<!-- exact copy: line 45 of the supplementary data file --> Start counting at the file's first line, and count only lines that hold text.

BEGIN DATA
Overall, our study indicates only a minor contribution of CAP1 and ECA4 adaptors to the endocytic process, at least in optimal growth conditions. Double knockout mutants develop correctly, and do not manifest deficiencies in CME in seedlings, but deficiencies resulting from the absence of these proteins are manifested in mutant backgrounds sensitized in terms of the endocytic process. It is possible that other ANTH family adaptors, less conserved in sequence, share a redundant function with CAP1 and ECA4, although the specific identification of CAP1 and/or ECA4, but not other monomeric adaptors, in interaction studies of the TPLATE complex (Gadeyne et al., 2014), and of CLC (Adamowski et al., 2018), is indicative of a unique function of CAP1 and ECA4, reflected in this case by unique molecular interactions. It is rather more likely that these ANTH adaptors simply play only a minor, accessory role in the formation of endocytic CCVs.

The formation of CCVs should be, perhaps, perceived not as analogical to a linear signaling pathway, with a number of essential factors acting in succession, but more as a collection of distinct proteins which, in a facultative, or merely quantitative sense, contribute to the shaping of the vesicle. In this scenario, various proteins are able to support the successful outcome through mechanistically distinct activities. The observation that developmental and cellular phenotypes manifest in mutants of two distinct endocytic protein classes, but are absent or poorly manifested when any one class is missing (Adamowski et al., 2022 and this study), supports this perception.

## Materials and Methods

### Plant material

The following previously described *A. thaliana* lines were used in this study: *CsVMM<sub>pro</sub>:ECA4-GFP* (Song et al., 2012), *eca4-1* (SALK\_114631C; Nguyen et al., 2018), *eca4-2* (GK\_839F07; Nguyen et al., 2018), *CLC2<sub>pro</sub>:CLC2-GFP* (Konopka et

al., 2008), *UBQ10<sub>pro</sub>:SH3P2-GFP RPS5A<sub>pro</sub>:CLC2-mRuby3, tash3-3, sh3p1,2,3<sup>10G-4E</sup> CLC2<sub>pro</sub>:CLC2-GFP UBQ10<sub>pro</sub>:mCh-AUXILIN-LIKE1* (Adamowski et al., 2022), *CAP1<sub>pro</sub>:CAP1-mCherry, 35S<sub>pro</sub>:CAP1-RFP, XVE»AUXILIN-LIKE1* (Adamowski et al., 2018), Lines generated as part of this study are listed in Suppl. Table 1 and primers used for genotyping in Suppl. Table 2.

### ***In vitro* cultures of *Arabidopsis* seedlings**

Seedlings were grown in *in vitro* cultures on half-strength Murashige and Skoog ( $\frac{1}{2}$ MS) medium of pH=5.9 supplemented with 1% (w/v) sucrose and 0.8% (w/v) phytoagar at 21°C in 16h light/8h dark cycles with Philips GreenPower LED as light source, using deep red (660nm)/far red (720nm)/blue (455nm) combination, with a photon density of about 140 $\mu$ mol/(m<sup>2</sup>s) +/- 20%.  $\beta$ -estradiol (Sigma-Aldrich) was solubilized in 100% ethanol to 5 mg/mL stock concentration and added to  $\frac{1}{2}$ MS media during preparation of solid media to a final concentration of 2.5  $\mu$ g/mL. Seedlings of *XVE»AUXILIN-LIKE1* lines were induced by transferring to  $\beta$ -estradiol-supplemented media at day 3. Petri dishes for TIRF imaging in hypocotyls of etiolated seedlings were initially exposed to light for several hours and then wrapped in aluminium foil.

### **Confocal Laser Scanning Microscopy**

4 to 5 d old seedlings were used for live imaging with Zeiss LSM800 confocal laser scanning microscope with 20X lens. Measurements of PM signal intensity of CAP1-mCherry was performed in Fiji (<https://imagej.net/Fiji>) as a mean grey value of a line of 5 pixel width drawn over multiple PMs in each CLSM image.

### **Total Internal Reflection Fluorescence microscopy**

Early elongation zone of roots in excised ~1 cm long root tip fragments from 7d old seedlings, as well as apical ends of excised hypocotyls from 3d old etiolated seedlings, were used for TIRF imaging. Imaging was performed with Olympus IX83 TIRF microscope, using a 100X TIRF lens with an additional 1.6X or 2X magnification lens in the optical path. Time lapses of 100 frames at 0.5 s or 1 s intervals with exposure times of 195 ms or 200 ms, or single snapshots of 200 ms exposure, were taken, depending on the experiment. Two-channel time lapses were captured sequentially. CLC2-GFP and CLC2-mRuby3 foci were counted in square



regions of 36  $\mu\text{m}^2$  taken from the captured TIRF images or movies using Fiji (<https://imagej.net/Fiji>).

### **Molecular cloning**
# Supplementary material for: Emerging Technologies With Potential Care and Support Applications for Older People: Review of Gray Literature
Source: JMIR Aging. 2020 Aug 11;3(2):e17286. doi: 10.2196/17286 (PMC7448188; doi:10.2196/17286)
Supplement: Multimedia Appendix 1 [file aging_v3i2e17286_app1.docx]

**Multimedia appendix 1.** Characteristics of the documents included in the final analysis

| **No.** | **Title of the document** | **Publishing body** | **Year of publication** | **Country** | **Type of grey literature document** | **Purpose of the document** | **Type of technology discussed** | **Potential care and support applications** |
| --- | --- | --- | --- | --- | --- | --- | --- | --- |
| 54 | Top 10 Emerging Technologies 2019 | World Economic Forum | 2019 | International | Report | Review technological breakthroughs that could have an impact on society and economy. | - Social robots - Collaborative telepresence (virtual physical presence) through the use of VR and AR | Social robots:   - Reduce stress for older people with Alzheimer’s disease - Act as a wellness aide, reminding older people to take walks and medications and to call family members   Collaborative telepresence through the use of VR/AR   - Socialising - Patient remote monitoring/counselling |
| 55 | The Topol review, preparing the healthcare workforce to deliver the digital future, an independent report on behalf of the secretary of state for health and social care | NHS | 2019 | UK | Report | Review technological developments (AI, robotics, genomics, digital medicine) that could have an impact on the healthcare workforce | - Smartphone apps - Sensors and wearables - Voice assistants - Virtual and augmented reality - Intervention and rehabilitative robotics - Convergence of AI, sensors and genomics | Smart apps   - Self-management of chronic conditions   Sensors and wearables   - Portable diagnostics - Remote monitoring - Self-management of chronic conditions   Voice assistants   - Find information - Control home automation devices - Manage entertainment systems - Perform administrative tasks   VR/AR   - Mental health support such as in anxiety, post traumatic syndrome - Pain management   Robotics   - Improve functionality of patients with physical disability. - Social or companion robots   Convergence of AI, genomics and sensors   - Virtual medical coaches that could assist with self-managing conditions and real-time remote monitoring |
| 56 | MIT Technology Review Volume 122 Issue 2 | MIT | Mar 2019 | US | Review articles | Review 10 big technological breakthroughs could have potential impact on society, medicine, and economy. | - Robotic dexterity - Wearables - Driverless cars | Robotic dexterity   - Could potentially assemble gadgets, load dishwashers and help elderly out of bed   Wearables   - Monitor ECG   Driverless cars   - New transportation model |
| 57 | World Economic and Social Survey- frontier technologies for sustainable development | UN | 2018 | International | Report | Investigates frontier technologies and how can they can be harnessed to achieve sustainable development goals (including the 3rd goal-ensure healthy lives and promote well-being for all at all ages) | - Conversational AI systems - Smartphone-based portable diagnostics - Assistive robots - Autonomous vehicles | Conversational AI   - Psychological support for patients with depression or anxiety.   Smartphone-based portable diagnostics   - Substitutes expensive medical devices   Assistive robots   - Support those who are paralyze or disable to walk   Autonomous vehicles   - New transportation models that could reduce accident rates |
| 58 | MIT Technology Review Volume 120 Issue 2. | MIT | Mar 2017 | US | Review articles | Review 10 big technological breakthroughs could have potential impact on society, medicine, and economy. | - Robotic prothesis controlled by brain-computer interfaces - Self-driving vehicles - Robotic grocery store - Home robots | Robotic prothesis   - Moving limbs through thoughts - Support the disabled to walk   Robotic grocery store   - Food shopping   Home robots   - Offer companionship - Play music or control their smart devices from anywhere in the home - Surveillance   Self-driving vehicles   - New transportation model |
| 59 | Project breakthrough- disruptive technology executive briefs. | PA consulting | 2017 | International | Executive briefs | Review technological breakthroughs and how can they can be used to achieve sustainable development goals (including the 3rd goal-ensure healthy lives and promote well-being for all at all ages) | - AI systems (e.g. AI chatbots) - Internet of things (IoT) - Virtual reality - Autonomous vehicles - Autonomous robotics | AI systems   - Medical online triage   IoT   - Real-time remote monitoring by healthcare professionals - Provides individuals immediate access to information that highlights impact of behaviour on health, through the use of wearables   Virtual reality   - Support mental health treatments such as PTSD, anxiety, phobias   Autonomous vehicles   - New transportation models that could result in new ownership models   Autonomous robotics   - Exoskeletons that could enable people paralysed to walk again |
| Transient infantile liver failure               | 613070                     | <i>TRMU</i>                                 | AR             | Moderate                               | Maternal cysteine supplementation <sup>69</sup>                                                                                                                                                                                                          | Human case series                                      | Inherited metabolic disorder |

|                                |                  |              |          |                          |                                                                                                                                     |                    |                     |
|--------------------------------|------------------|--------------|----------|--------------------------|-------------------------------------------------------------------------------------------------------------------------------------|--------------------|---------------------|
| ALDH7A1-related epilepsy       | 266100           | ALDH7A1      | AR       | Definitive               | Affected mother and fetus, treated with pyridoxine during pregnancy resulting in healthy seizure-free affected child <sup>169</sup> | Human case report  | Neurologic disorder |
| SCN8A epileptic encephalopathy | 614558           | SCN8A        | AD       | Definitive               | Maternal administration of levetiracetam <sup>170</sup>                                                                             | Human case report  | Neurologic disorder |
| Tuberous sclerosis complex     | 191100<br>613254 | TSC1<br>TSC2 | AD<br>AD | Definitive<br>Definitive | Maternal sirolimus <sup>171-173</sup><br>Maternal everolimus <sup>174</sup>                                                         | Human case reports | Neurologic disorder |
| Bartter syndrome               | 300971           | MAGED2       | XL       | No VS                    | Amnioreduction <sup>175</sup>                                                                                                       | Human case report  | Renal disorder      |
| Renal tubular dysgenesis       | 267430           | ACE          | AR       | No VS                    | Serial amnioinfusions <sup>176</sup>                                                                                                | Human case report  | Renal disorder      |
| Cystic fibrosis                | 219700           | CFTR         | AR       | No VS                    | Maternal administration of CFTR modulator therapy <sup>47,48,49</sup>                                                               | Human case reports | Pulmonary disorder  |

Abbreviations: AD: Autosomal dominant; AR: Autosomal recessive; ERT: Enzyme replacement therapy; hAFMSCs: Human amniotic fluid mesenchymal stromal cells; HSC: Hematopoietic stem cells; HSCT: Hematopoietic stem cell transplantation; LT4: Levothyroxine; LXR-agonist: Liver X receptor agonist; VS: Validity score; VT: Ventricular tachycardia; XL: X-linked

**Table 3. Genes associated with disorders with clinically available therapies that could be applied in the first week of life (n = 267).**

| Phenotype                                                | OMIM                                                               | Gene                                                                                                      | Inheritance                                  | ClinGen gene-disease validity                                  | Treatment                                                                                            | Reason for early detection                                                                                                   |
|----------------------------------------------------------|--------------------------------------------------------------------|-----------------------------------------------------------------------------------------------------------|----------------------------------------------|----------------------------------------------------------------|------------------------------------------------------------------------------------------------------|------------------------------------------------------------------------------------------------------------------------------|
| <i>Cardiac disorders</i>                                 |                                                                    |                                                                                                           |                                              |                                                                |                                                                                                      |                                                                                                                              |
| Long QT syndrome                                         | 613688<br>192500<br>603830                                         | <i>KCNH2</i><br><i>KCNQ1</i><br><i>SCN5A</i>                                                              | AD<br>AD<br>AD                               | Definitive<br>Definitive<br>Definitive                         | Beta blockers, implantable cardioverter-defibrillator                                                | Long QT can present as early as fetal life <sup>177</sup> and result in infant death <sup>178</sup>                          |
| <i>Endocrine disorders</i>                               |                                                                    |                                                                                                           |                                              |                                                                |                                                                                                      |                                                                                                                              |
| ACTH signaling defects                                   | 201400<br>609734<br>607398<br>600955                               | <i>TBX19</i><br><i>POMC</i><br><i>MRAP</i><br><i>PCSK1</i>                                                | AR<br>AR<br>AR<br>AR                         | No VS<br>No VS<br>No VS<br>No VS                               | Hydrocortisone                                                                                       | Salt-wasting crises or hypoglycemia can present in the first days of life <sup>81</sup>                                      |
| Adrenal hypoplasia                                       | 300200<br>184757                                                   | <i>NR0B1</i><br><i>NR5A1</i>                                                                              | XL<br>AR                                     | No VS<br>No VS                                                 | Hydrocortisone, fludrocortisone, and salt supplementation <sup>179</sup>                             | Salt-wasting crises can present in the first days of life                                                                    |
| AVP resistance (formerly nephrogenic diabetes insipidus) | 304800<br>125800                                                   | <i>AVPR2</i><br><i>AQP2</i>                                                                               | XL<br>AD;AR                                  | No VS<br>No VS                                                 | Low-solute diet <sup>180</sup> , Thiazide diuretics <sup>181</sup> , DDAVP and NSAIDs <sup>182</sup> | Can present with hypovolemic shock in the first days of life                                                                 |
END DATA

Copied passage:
| AVP resistance (formerly nephrogenic diabetes insipidus) | 304800<br>125800                                                   | <i>AVPR2</i><br><i>AQP2</i>                                                                               | XL<br>AD;AR                                  | No VS<br>No VS                                                 | Low-solute diet <sup>180</sup> , Thiazide diuretics <sup>181</sup> , DDAVP and NSAIDs <sup>182</sup> | Can present with hypovolemic shock in the first days of life                                                                 |